On January 1, 2023, the Prohibition on the Purchase of Residential Property by Non-Canadians Act went into effect. It prevents foreign buyers from purchasing residential real estate in Canada for two years. The government believes this will help cool a hot market and make homeownership accessible for more Canadians.
The specifics of the ban, including what is considered a purchase, what the government considers a residential real estate property, who is exempted from the act, and the level of non-Canadian investment that will be allowed before being deemed as non-Canadian, will be addressed in a series of regulations, one of which was published on December 22, 2022.
“Non-Canadian” under the Act
Under the act, non-Canadians are considered as:
- an individual who is neither a Canadian citizen, nor a person registered as an “Indian” under the Indian Act, nor a permanent resident
- a corporation that is incorporated otherwise than under the laws of Canada or one of its provinces
- a corporation incorporated under the laws of Canada or one of its provinces whose shares are not listed on a stock exchange in Canada for which a designation under section 262 of the Income Tax Act is in effect and that is controlled by a person referred to in paragraph (a) or (b)
- a prescribed person or entity following the Regulations
Therefore, the ban does not apply to:
- temporary residents who satisfy the Regulations.
- individuals registered as an “Indian” under the Indian Act
- individuals who are non-Canadians and who purchase a residential property with their spouse or common-law partner, if the spouse or common-law partner is eligible to purchase residential property in Canada
- a foreign state purchasing a residential property for diplomatic or consular purposes
- any individual prescribed by the Regulation.
Which residential real estate is affected by the ban?
Under the act, a “residential property” includes any property that is:
- a detached house or similar building containing not more than three dwelling units. It is to be noted that a dwelling unit is defined as a residential unit that contains private kitchen facilities, a private bath, and a private living area.
- part of a building that is a semi-detached house, rowhouse unit, residential condominium unit, or other similar premises that is a separate parcel owned apart from another building unit
- any other type of property that as set out in the Supporting Regulations
In addition, the property covered by the Act is a residential real estate located in a census agglomeration (CA) or census metropolitan area (CMA). To properly identify these agglomerations and areas, it is necessary to consult the Statistics Canada documents entitled “Standard Geographical Classification (SGC) 2021”. The Act would not apply to real estate sales outside of these areas.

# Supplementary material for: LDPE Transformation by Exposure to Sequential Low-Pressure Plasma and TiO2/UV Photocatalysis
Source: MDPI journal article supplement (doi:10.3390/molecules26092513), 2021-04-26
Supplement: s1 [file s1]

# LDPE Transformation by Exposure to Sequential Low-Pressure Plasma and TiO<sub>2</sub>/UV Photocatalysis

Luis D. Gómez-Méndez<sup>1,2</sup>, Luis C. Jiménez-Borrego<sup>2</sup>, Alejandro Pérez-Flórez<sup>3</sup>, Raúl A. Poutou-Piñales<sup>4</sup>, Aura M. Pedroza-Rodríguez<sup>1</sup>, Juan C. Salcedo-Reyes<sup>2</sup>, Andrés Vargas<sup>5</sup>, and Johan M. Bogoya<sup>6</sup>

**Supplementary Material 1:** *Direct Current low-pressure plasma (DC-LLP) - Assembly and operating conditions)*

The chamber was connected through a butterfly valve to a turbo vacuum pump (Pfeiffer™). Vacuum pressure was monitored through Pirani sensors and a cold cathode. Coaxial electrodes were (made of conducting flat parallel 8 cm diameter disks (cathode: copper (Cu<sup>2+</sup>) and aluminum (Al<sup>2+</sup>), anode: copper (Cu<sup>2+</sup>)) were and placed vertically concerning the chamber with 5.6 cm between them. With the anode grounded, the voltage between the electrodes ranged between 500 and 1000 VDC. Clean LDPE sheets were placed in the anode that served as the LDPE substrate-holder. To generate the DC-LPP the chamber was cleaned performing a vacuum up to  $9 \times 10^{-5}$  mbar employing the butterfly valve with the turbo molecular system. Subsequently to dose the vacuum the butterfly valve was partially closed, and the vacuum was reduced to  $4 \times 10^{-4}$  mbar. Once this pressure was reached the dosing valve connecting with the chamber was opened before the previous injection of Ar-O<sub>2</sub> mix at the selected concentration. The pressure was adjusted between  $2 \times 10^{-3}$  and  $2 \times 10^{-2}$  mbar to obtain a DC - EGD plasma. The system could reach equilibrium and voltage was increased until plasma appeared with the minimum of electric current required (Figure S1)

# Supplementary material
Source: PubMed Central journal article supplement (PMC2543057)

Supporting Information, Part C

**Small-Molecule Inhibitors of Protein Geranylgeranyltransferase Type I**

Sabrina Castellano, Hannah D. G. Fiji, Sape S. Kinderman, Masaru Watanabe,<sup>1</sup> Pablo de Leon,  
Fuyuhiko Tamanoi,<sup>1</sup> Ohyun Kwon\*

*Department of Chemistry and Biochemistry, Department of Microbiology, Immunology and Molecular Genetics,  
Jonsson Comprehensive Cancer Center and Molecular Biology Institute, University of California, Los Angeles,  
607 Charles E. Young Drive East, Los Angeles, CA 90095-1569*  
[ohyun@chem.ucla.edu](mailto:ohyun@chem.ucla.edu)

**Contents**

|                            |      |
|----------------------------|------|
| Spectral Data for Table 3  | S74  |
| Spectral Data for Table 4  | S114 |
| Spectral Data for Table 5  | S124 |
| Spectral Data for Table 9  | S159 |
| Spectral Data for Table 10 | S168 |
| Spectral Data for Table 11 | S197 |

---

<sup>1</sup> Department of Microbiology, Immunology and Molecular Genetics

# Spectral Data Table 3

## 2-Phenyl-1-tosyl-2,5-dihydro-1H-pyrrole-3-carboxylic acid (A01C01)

Impacts on pre-existing contracts and offers to purchase
The ban does not apply if a non-Canadian becomes liable or assumes liability under a purchase agreement and sale of residential property in Canada before January 1st, 2023.
The question of what happens to a property for which an offer to purchase was made before the Act took effect, and is intended to be sold after January 1st, 2023, is still unknown. An answer is expected in the next few weeks following the receipt of new regulations or a declaratory judgment from the Superior Court on that specific issue.
Sanctions and penalties
A non-Canadian that contravenes the Act, or a person or entity that counsels, induces, aids or abets, or attempts to counsel, induce, aid or abet a non-Canadian to contravene to the Act, is guilty of an offence and liable on summary conviction to a fine of not more than $10,000.
If a non-Canadian is convicted of contravening the Act, the superior court of the province which the residential property is located, may order it to be sold. The non-Canadian buyer will not be able to recover more than what was paid for the property.
Despite the sanctions mentioned above, the Act does not negate the validity or enforceability of contracts of purchase and sale that contravene the interdiction. Sellers and purchasers will still be legally bound to honour contracts that violate the prohibition.
Several questions remain regarding the scope of the Act and its specifics. Answers to those questions should arrive in the months ahead, following the adoption of a new series of regulations. Also, the courts will likely be called upon to interpret the Act and its regulations. That should help bring more clarity to the issue.
Do not hesitate to contact the authors of this summary for more information or a consultation.